Technoking and courtiers in 2014. (Photo by Max Whittaker/Getty Images)
Lawmakers last month seemed surprised to learn the Nevada Department of Education has no direct role in deciding which organizations receive the $37.5 million in donations pledged by Tesla as a part of its sweetheart tax abatement deal with the state.
The Nevada Legislature in a 2014 special session unanimously approved a $1.3 billion tax break — the largest tax break in the history of the state — in order to woo the electric car company into locating its battery factory in Northern Nevada. The $37.5 million pledge to support K-12 education wasn’t codified into any bill (because a state can’t legally make a corporation donate money, said officials at the time). However, it was a publicly understood part of the deal and was highlighted by Republican Gov. Brian Sandoval. The pledge was seen as a way to appease concerns that the state’s already struggling K-12 education system could not keep pace with growth spurred by the battery factory.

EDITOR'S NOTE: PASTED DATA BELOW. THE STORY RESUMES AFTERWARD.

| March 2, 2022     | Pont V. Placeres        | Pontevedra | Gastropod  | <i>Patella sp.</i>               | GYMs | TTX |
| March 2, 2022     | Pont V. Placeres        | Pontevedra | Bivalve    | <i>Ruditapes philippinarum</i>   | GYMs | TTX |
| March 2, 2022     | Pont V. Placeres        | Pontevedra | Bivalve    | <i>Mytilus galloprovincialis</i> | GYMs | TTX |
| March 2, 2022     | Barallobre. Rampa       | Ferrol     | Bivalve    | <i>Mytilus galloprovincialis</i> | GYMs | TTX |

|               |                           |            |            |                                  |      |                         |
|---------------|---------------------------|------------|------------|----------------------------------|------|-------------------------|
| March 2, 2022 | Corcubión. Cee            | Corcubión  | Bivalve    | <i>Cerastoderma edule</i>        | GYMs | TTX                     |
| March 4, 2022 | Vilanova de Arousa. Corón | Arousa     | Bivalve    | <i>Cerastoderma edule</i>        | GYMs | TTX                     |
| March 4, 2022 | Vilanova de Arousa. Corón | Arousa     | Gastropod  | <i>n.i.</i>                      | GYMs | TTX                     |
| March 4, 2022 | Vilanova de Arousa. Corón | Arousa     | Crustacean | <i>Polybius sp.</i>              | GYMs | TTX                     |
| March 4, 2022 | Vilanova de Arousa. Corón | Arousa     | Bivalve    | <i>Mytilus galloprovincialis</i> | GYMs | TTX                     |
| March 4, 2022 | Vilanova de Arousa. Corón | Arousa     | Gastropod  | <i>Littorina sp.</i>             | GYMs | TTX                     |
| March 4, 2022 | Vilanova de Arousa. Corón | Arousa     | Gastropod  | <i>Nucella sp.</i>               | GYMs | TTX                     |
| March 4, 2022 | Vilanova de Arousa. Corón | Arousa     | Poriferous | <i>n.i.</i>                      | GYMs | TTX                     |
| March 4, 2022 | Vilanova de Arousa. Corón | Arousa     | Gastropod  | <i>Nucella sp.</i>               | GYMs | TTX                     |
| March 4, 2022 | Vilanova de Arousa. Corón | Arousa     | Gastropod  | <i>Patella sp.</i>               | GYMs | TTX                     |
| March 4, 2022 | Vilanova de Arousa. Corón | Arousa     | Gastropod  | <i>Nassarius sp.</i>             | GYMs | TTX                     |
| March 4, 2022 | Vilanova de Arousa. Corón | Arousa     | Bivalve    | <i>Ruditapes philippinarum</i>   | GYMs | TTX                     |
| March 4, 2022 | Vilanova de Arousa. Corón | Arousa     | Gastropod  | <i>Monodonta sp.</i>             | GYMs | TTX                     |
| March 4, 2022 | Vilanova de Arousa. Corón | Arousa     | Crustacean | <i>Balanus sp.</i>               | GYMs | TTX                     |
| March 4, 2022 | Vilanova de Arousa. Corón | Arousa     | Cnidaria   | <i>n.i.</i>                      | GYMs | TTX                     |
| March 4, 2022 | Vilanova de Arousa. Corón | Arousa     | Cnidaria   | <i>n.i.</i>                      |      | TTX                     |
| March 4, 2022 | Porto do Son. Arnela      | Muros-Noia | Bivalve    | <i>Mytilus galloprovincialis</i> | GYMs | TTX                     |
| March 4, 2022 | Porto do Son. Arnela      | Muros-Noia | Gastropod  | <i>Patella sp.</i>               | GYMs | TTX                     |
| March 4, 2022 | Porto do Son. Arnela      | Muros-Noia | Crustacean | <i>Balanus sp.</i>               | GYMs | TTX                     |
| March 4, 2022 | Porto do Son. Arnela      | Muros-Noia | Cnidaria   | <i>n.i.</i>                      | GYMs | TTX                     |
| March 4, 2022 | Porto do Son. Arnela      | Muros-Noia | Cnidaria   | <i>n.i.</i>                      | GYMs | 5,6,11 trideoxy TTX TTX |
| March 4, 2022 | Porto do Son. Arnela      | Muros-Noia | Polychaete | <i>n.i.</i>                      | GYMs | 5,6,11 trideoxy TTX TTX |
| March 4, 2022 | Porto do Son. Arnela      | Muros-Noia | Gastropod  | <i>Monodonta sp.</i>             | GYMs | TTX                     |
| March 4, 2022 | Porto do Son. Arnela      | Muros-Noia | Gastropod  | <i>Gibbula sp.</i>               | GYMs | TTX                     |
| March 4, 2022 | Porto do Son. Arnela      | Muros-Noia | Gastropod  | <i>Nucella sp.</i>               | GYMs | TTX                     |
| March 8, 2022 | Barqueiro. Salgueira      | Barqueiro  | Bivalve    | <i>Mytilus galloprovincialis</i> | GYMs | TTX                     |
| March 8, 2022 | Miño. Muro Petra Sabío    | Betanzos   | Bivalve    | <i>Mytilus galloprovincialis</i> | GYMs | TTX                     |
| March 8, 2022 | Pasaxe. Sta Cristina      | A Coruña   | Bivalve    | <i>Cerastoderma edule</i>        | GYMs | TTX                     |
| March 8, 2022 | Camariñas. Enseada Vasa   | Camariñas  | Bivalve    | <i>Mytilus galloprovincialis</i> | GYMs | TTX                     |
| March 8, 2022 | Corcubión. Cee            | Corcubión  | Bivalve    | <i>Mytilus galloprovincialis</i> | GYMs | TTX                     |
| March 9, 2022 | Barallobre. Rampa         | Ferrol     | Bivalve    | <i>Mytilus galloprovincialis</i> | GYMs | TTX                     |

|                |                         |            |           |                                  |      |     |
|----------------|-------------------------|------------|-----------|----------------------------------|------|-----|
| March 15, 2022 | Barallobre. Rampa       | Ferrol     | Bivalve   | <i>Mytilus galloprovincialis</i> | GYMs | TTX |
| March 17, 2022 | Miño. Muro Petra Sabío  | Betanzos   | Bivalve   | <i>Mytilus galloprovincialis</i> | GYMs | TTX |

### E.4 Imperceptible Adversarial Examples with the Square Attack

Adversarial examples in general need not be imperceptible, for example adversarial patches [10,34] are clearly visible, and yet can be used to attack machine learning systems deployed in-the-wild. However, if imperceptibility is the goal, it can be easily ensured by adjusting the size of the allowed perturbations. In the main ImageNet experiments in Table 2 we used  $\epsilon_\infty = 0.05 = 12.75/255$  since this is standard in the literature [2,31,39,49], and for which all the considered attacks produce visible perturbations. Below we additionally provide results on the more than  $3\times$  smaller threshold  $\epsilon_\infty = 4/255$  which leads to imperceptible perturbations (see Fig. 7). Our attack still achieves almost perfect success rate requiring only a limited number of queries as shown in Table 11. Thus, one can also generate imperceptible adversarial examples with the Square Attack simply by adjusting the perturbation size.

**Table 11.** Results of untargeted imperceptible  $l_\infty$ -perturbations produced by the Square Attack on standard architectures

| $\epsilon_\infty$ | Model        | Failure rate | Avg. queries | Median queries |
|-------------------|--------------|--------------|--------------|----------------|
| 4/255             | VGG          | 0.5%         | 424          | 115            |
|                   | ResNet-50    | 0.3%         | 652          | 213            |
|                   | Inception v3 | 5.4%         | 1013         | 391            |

After the close of the special session, Tesla Vice President of Business and Corporate Development Diarmuid O’Connell sent a letter to Sandoval committing the company to donating $7.5 million annually for five years — starting in July 2018.
“The funds will be donated to the (Nevada Department of Education’s Education Gift Fund) to augment STEM education on a state-wide basis as well as to fund desired educational programs within the school districts located in the geographic region surrounding the Tesla facility,” read the letter.
According to news articles published in 2014, Sandoval’s chief of staff, Mike Willden, said the state superintendent of public instruction would decide the money’s distribution. Dale Erquiaga held that position in 2014 but left in 2015, years before the first Tesla donations were received.